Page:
I love the pulse of a city, the vibration between people, the buildings and the sense of humanity and history in all surfaces, as though they are breathing in response to generations. As a traveler, I want to feel that I am a part of a city’s beat just for a moment, for a day. San Francisco is intoxicating, a heady mix of sleek tech and bohemian past. The hills give a whimsical quality that feels drawn from a fairy tale. Fascinating art, culture, architecture and seriously stunning natural beauty abound, making this a place I dream of returning to over and over. Here are some places where you can take a deep breath and take in this magical city.
San Francisco Museum of Modern Art. Art and museums are a part of my soul care. I started taking my kids to the Blanton Museum and Contemporary Museum in Austin when they were still in strollers. How much did they get from those early experiences? Not sure, but I am certain that I am a better mom and person when I am filled up with spirit-level sustenance and stimulation from art. I know it can be a bit terrifying to take little people with their energy and often unpredictable wild arm movements near precious works of art, but I think it’s worth the experience. We had no problem finding art to engage every age. Everyone loved the René Magritte exhibition with immersive, thematic galleries. For me, though, the highlight of our visit was a room of massive steel spiders that towered with narrowing, needle-sharp legs. The collection is by one of my favorite artists, Louise Bourgeois. The sculptures are both delicate seeming and delightfully strange. They were large enough that the kids were able to walk beneath them and feign theatrical terror.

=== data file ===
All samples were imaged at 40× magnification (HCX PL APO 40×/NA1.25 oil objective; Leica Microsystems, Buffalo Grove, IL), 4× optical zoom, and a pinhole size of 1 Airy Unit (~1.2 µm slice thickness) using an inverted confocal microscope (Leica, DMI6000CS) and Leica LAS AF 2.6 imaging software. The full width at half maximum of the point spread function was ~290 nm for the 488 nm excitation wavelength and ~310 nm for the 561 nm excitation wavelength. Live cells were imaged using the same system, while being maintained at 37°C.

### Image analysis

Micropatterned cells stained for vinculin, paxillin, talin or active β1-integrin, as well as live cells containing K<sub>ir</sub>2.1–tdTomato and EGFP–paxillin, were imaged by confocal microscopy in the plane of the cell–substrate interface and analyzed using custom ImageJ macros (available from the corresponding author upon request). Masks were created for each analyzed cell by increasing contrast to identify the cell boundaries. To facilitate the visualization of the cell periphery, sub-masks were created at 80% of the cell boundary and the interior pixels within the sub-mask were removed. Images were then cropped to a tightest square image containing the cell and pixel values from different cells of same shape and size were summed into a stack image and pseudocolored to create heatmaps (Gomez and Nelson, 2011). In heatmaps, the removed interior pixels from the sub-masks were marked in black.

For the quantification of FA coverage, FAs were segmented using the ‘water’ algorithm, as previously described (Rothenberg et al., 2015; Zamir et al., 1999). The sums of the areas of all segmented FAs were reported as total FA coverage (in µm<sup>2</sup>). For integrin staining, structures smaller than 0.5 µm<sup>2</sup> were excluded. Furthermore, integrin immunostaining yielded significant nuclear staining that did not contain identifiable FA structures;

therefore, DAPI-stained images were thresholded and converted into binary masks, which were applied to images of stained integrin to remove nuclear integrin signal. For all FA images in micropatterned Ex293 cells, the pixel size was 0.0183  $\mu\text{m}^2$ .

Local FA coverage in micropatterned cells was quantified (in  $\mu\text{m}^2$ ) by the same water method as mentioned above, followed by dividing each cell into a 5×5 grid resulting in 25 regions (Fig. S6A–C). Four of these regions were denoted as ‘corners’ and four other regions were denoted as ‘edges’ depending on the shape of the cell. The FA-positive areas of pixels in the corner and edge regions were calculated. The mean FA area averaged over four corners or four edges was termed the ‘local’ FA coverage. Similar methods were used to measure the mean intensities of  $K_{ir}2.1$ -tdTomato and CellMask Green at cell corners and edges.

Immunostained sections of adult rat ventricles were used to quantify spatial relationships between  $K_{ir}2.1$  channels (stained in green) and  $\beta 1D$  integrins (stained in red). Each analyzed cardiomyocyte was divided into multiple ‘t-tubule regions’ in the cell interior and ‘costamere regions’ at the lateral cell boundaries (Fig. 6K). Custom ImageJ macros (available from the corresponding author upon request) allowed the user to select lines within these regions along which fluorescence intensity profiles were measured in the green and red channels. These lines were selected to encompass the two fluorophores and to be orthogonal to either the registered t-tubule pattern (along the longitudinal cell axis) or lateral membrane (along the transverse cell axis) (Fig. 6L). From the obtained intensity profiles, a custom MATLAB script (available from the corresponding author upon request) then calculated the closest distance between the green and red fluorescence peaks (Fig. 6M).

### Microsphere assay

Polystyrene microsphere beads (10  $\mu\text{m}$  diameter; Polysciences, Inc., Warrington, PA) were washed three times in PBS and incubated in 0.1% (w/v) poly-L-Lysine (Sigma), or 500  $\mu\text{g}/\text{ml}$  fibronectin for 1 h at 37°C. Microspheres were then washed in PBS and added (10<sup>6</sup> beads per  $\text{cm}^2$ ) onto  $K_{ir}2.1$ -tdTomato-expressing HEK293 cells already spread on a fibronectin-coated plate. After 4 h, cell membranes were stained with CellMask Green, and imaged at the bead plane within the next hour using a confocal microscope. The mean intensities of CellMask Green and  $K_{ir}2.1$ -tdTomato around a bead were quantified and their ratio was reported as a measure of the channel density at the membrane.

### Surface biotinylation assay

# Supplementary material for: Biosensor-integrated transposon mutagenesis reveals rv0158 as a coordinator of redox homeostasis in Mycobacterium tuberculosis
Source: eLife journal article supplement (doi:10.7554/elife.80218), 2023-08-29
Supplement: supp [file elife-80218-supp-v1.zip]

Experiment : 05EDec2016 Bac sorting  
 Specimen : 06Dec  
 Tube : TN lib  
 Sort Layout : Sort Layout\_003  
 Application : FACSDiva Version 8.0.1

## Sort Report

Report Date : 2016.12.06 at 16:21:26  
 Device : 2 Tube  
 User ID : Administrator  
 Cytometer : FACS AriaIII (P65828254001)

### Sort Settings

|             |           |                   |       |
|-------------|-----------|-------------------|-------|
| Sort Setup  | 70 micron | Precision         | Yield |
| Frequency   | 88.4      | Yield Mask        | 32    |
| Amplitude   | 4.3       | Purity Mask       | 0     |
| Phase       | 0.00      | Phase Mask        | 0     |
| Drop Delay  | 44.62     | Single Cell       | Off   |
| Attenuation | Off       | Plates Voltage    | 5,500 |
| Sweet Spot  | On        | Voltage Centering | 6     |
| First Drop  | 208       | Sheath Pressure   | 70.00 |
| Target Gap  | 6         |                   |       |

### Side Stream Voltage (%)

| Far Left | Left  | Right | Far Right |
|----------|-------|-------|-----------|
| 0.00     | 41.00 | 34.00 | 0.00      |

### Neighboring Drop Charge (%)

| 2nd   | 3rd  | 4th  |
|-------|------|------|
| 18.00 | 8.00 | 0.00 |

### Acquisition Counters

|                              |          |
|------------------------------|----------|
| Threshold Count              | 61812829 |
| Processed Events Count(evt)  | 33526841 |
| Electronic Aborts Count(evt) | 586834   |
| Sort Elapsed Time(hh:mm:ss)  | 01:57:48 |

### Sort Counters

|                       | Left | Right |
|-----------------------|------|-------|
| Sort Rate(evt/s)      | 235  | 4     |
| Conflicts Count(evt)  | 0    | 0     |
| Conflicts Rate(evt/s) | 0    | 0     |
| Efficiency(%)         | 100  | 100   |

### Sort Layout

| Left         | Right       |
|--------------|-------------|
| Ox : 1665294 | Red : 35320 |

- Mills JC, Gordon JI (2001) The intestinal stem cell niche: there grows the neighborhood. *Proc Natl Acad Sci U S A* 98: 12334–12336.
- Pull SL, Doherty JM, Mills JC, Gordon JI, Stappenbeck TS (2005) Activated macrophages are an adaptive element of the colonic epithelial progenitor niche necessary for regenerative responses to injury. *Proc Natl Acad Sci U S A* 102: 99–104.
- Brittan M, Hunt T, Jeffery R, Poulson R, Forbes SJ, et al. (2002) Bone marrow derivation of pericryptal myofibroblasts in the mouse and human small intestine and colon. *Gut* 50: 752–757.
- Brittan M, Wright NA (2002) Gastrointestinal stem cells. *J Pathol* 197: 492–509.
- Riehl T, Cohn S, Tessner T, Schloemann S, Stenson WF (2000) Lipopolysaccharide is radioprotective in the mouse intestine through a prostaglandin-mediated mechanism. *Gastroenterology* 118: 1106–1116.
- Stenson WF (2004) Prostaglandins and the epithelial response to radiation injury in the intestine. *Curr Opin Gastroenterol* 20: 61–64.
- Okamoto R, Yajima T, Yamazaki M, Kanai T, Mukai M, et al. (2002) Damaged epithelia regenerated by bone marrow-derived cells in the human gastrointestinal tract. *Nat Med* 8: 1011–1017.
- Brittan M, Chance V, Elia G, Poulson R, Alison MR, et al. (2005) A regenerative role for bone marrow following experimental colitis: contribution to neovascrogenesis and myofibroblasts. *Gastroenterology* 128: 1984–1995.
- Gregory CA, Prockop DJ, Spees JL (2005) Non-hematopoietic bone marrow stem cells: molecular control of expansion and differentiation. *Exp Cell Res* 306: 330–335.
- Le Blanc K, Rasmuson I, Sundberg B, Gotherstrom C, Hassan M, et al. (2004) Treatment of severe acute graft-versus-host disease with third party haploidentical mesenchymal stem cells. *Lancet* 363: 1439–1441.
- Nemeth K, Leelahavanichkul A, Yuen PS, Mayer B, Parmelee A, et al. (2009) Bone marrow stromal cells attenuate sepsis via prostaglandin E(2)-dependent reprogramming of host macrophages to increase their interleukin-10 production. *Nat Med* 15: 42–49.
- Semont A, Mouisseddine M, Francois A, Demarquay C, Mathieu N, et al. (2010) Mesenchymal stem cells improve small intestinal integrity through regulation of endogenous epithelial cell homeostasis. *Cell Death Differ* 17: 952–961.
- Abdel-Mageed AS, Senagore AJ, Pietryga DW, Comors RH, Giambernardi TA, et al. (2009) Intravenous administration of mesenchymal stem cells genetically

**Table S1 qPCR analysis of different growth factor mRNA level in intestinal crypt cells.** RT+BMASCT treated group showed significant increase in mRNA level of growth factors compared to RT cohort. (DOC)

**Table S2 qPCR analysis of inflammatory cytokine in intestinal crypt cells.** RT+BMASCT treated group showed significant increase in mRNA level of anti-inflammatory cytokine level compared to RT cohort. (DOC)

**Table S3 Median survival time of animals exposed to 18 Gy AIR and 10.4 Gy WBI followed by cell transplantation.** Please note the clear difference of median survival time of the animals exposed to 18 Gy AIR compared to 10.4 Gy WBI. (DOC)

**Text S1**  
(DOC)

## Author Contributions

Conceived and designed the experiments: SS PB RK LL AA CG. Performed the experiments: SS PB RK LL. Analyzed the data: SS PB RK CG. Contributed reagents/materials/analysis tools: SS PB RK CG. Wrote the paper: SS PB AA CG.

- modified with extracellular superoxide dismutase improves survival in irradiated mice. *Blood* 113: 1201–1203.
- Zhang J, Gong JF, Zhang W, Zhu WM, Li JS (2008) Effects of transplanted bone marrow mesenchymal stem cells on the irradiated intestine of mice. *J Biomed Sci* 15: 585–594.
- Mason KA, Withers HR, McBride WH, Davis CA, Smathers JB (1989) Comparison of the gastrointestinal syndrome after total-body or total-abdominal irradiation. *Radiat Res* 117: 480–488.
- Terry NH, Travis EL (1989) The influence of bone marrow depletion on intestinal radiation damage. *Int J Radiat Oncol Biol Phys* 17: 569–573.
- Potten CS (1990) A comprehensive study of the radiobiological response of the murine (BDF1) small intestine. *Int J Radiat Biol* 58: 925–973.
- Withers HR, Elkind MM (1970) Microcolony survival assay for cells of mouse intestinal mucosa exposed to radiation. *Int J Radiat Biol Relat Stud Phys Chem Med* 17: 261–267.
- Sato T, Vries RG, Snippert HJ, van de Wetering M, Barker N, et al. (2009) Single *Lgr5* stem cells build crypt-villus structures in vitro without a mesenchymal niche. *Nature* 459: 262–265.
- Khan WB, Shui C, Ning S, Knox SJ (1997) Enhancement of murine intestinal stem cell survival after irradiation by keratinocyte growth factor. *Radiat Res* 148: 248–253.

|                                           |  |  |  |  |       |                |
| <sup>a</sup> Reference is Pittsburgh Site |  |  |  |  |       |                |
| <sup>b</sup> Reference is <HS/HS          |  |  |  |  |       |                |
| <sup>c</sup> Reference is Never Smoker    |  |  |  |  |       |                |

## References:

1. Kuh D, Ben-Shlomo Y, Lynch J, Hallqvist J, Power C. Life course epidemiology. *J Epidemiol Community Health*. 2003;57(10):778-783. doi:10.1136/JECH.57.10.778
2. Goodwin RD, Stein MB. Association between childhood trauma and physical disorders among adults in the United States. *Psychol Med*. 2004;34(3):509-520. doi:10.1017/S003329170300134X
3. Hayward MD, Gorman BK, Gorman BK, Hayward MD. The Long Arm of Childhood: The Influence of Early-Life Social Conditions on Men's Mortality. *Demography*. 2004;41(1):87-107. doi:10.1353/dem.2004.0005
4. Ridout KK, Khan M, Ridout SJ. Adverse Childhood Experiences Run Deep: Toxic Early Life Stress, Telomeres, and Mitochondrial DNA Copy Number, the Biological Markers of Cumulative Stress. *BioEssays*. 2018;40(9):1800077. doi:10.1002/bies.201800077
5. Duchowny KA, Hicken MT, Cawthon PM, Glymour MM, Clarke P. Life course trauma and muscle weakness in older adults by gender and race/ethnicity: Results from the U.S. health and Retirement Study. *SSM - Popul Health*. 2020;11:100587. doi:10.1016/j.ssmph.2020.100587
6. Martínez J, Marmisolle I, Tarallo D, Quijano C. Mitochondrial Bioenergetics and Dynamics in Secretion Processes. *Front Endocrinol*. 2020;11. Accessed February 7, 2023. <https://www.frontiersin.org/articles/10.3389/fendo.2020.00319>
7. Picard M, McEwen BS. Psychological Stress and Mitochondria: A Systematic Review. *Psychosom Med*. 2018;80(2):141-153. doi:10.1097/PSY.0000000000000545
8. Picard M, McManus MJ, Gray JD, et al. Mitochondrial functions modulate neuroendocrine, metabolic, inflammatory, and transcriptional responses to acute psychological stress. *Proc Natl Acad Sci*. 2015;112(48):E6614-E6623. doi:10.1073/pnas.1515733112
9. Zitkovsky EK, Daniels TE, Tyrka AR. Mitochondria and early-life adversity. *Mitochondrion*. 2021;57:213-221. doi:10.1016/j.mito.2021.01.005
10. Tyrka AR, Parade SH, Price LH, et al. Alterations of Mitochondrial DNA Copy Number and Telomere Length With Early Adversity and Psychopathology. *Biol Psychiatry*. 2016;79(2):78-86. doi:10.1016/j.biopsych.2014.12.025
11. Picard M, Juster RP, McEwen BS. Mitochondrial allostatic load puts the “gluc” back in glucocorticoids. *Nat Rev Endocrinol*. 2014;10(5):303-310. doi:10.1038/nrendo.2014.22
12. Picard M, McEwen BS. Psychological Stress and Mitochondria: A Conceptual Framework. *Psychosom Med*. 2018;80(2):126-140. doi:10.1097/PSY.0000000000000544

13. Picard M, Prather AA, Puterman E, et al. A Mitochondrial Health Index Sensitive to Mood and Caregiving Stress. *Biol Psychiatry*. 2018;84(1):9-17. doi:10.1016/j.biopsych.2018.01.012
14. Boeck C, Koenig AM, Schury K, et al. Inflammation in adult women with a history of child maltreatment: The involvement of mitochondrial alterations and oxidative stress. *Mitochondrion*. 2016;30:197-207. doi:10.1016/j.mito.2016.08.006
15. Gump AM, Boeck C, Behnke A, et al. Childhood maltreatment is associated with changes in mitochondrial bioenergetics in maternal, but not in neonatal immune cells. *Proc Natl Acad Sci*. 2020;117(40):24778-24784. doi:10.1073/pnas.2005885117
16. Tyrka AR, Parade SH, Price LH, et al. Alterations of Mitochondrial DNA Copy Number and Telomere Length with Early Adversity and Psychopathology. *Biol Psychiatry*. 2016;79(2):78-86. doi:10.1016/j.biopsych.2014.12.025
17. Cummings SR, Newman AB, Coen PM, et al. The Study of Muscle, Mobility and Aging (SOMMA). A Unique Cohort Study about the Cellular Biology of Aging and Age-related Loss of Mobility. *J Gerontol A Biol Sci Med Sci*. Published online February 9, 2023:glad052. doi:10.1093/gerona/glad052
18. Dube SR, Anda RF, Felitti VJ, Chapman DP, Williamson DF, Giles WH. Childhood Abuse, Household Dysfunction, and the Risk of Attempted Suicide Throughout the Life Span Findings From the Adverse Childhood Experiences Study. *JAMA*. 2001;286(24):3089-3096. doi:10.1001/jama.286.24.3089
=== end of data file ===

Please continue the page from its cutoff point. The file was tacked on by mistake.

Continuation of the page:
If I am fed by art, then my husband is sustained by science. He happily enjoyed The Exploratorium at Pier 15 right along with the kids. There are hundreds of exhibits filling indoor and outdoor galleries. Optical illusions, soap film painting and a chance to roll ping-pong balls through a toothpick replica of San Francisco are just a few. The museum has too many amazing and marvelous activities to cover, but this is absolutely worth a visit.
On our final day in San Francisco and with limited time, we opted for a mini bus tour through Dylan’s Tours. The bus tour picked us up in Fisherman’s Wharf and we were off on a whirlwind of sightseeing through historic neighborhoods. We were able to do a quick drive-by of the Painted Ladies, a row of brightly colored Victorian houses, including the one from TV show Full House. Our first official stop was in the neighborhood of Haight Ashbury, birthplace of hippie culture. Kids enjoyed window shopping past the funky and eclectic shops. We lingered in front of Piedmont Boutique to marvel at a massive sculpture of fishnet-stockinged lady legs dangling out one window.